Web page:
Usually laminate is glued or screwed or both...
I was lucky, mine was only screwed in. It had three or four screws at the end of each length of tops. Get those drawers, out of your way so you can get in there.

There is a bead of caulk on the wall part- take a stanley blade and cut that. Lift up and reuse those countertops in your shop/garage/shed!!

Step 2: Secure Ply and Hardie Backerboard

Now that the tops are out of the kitchen, inspect the cabinets to make sure the weight of the new tops- granite tile in my case can be handled.

Near the sink, there were not enough "joists" to hold the weight. I installed a 2"x2" piece of pine and attached it with small "L" brackets. This helps prevent sagging when the weight of the ply, hardie board, granite and all the other crap I store on the countertops gets applied...

After inspecting and reinforcing where necessary, Its time to measure and cut the plywood.
Since countertops are a standard of 25" deep, and there needs to be a front lip on the countertops, you need to cut the ply at 24" deep. This worked out for me because my hardie board was 1/2" and so was the tile.

Dryfit the ply in and make sure the front is inline with the fronts of the cabinets...
My cabinets were custom built to the kitchen so slight changes were needed to shave off on the wall side of the ply to ensure even fit for the fronts.

Get your sink- old or new and use the template (or use the old sink) to make your cutout.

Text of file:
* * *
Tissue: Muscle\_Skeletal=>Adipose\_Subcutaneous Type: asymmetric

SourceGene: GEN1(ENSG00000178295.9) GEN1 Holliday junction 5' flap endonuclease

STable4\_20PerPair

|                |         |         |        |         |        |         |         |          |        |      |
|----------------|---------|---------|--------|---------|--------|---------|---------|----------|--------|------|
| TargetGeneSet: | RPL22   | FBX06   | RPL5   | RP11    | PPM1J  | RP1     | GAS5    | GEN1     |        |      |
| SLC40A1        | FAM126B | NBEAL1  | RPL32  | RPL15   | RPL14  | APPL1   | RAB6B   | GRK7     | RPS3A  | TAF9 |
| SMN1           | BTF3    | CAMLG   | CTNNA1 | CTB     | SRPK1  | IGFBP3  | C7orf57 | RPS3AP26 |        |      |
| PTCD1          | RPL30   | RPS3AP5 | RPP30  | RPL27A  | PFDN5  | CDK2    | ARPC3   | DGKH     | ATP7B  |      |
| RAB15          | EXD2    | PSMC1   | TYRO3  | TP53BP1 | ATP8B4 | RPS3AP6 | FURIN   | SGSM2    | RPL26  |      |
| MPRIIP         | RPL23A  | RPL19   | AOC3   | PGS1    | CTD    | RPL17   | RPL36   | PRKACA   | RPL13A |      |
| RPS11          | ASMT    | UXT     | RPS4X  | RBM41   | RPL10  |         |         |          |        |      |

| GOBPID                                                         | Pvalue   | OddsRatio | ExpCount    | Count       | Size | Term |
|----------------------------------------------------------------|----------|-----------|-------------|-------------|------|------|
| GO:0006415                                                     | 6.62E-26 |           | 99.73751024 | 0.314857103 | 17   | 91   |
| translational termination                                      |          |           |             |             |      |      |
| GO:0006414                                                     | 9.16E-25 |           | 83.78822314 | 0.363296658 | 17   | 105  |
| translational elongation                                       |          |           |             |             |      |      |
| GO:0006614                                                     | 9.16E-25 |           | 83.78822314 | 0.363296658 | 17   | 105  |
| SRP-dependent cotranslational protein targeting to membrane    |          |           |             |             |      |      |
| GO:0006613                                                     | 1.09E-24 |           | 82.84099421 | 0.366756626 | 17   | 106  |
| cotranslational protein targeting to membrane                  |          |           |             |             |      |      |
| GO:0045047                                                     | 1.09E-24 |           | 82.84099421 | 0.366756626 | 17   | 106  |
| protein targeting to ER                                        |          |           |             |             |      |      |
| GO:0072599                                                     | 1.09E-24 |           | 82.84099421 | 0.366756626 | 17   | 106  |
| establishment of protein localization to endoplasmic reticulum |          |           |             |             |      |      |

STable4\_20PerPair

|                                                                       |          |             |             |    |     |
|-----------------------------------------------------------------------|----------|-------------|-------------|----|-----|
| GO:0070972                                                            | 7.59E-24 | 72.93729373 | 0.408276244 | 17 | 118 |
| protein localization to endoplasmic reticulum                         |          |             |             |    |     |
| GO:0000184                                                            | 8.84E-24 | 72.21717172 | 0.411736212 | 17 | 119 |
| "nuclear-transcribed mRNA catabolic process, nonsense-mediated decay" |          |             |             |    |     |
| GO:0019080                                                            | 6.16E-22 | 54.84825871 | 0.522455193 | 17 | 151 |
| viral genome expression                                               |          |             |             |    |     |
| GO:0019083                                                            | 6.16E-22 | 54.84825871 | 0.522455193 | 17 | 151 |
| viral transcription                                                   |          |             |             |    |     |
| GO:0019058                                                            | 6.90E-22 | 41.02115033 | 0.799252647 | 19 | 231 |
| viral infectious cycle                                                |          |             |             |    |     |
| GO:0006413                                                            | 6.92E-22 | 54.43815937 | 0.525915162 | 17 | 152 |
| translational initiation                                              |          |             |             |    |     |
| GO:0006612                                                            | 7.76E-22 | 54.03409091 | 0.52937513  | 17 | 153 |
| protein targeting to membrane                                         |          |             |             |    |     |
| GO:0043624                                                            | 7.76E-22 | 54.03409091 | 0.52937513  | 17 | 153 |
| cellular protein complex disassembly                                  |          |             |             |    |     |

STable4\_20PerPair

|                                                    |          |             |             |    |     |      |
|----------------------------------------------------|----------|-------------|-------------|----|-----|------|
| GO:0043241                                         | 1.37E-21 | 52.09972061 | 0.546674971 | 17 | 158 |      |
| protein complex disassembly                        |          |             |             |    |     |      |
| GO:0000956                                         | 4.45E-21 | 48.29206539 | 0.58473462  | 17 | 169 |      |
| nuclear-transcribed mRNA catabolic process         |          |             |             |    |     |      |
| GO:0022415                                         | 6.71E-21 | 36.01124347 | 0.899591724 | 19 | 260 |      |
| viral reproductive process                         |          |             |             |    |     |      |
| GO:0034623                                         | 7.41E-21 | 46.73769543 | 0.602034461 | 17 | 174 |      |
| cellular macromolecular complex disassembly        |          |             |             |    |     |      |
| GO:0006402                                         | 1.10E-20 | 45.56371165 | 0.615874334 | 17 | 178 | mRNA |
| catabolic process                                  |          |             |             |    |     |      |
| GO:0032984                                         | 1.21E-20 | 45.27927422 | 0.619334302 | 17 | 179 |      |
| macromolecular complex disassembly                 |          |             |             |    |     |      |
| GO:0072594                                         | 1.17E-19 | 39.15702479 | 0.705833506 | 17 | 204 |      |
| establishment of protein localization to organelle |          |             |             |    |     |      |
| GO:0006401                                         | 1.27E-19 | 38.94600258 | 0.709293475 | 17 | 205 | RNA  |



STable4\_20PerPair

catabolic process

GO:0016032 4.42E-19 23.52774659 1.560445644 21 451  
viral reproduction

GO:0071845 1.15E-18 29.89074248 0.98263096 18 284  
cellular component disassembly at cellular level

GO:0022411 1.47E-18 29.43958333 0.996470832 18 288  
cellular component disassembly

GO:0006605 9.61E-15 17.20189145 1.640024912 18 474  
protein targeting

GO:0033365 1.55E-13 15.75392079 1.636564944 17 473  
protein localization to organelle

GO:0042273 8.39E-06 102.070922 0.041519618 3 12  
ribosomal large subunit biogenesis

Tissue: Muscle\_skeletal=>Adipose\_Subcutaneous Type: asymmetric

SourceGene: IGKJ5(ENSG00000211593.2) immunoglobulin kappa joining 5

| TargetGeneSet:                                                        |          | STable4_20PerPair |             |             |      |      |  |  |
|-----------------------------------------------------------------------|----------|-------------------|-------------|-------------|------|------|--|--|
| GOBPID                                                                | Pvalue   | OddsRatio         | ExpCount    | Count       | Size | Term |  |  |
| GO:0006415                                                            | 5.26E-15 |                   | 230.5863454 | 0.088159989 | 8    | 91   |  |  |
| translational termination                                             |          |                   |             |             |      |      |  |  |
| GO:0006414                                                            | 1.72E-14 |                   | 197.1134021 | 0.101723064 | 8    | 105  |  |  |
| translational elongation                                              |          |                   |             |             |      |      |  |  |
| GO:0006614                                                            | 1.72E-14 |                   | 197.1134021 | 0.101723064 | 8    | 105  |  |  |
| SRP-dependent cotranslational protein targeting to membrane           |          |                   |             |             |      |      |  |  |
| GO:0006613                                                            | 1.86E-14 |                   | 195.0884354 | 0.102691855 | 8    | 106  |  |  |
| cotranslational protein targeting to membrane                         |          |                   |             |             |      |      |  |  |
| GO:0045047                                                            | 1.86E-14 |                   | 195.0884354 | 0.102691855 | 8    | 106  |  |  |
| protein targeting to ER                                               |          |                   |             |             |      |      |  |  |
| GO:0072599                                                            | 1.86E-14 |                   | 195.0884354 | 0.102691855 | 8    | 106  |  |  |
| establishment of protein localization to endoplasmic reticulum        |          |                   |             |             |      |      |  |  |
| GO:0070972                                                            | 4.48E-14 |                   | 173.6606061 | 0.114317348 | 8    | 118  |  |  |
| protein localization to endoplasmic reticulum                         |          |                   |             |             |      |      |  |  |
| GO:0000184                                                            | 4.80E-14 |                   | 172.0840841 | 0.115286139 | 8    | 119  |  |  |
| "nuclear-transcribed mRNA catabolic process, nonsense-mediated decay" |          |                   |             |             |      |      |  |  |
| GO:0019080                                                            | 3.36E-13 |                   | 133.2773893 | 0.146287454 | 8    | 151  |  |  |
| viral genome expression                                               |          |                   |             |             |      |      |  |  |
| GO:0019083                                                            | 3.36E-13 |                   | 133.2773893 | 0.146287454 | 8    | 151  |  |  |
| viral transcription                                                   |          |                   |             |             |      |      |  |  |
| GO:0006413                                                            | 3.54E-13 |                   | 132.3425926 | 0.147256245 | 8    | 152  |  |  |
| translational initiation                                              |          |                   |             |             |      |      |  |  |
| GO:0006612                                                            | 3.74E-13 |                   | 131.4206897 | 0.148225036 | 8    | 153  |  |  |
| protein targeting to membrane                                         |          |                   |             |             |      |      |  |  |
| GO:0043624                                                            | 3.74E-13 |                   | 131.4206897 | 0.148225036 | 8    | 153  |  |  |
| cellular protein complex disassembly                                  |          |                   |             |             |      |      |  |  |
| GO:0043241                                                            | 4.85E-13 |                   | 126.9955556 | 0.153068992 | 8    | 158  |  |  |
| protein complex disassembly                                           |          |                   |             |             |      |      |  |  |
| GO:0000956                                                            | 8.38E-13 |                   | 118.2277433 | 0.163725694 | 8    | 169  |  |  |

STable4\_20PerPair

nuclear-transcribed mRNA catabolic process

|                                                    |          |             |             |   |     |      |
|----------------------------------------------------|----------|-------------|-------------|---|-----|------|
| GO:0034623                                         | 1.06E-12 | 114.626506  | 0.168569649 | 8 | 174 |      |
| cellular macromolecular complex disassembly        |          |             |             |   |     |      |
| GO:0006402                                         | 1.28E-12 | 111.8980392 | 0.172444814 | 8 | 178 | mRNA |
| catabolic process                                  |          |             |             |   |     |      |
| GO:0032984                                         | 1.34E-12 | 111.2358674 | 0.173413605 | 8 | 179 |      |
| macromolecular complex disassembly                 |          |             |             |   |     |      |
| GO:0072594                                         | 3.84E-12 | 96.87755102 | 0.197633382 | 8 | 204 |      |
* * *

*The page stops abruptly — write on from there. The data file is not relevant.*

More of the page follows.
Make sure the is enough support around your sink- some sinks are pretty heavy, but a sink full of water with dishes is extremely heavy- you want to make sure there is enough support- you dont want your sink to fall through when you are done...

After doing the sink cutout, screw the ply down to the cabinets with the deckmate screws- you might need to countersink the screws if they arent going down far enough.
Check the sink- if it doesnt fit, you may need to take out the jigsaw and cut where necessary. Just make sure you are still centering on the window/cabinet or wherever the sink is being placed.
Double check to make sure you are level and now its onto the backerboard

I wanted to have an overhang on the hardiboard so the tile rested on the full pieces of board- I didnt want a lip at the front. So I cut the cement board at 24 1/2" deep.
Dryfit the board and get under the sink and draw out what needs to be cut out from the underside using the cutout from the plywood as your template.

Again, make sure you are still only 1/2" from the fronts- shave off where necessary.

Dryfit the sink again.
Get the Hardie board screws- yes they are expensive, yes it feels silly buying a box of screws just for hardie board. They work great, they pull themselves down so you dont need to countersink- I highly recommend.

I cut the Hardi board with a carbide jigsaw bit. I hear you can use some sort of shears and it doest make much dust... I didnt have anything like that. It creates lots of dust- do it outside, put on a respirator- I didnt for the first cut and I coughed my way inside to get the respirator- I highly recommend... only if you care...

Step 3: Leveling